Depression of murine macrophage accumulation by low-molecular-weight derived from spontaneous mammary carcinomas.
Extracts prepared from spontaneous mouse mammary adenocarcinomas, as well as plasma and urine from inbred C3H/HeN mice carrying murine mammary tumor virus and bearing such tumors, significantly inhibited the accumulation of macrophages at inflammatory sites in inbred the accumulation of macrophages at inflammatory sites in inbred C3Heb/FeJ mice. Much of the inhibitory activity from tumor cells was associated with products having a molecular weight (¿ 30,000); the inhibitory factor isolated from the plasma and urine of tumor-bearing animals had a molecular weight of 30,000 or less. Liver and spleen tissue, plasma, and urine from non-tumor-bearing animals had a molecular weight of 30,000 or less. Liver and spleen tissue, plasma, and urine from non-tumor-bearing animals had no effect on macrophage accumulation. Tumor cell extracts, plasma, and urine from tumor-bearing mice were shown to be free of infectious lactate dehydrogenase virus, a frequent contaminant of transplanted tumor and a known modifier of macrophage function. These results agreed with earlier reports of inhibitory activity for macrophage accumulation found in the tumors and sera of mice bearing multiple-passaged transplanted tumors and suggested that spontaneously arising neoplasms may subvert immune surveillance by depressing the ability of macrophages to respond to inflammatory stimuli.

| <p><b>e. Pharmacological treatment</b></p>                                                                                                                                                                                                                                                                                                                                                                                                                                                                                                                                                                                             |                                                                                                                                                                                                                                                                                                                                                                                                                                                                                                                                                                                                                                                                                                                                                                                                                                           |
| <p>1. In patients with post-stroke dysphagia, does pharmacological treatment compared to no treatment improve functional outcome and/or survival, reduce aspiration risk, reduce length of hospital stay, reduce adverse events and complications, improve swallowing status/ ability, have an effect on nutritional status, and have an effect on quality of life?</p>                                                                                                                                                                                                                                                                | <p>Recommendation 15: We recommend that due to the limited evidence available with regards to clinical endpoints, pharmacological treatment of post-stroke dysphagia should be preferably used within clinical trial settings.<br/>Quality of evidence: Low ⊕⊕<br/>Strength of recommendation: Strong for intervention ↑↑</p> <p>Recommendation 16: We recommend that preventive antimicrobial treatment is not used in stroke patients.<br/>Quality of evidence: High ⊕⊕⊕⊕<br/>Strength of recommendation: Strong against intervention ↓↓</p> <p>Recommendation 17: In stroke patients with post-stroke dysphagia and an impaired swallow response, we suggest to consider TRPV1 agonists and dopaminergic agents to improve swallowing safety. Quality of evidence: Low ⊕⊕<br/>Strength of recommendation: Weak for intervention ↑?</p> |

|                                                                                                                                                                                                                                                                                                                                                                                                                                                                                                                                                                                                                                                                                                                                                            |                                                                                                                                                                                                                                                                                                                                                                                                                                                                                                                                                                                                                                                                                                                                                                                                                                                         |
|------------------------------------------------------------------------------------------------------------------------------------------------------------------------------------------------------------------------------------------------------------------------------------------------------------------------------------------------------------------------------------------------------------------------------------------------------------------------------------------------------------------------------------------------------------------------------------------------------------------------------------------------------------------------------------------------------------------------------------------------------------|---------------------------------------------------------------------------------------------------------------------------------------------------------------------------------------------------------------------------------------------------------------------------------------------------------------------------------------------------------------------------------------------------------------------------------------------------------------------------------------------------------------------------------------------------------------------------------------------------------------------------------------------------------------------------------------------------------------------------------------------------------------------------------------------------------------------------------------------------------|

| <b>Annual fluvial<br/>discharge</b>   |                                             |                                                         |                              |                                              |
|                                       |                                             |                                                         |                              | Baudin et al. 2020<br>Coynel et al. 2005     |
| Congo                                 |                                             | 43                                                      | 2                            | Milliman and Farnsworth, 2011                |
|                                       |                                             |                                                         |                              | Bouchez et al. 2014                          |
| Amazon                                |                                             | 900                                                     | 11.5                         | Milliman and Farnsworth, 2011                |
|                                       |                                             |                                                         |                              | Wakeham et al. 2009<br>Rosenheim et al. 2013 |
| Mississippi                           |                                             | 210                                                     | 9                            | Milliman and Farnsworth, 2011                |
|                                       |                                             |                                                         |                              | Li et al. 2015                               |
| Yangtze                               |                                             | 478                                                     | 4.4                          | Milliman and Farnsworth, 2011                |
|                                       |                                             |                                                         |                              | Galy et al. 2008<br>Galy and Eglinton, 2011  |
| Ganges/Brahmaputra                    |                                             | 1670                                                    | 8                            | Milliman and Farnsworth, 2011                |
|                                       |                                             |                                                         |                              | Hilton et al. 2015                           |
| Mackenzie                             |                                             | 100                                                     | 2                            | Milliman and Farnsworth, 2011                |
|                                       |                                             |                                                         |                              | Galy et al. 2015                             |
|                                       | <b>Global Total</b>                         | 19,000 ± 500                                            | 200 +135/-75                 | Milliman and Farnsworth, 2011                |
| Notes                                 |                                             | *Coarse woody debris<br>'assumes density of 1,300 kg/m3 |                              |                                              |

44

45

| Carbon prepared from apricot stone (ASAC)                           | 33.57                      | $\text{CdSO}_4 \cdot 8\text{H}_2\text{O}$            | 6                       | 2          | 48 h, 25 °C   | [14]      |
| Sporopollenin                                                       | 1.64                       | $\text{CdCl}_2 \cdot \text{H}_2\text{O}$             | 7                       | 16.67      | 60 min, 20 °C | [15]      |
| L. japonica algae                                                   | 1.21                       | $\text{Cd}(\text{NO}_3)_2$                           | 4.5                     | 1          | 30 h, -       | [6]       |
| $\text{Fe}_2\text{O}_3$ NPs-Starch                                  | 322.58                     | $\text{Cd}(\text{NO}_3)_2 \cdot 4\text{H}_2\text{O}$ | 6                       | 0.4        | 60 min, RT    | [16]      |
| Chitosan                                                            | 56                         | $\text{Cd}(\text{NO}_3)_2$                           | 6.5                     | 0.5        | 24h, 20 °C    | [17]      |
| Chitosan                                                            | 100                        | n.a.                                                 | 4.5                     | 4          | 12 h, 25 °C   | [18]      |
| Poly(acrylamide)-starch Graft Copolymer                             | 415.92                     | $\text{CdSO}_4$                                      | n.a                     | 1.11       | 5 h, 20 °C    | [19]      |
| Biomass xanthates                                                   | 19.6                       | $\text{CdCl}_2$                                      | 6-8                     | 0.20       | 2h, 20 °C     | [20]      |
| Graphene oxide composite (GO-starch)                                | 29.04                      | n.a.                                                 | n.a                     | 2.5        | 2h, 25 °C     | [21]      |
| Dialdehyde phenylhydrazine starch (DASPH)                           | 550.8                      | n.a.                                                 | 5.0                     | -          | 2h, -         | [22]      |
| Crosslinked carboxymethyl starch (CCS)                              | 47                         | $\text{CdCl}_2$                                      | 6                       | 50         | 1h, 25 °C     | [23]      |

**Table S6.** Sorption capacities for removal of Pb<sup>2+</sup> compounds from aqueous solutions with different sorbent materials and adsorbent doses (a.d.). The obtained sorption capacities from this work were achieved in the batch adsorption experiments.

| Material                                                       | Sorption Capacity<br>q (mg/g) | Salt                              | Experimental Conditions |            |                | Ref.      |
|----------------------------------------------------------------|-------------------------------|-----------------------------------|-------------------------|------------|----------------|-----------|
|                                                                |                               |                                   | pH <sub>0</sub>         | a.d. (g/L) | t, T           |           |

Cianciolo, GJ; Herberman, RB; Snyderman, R
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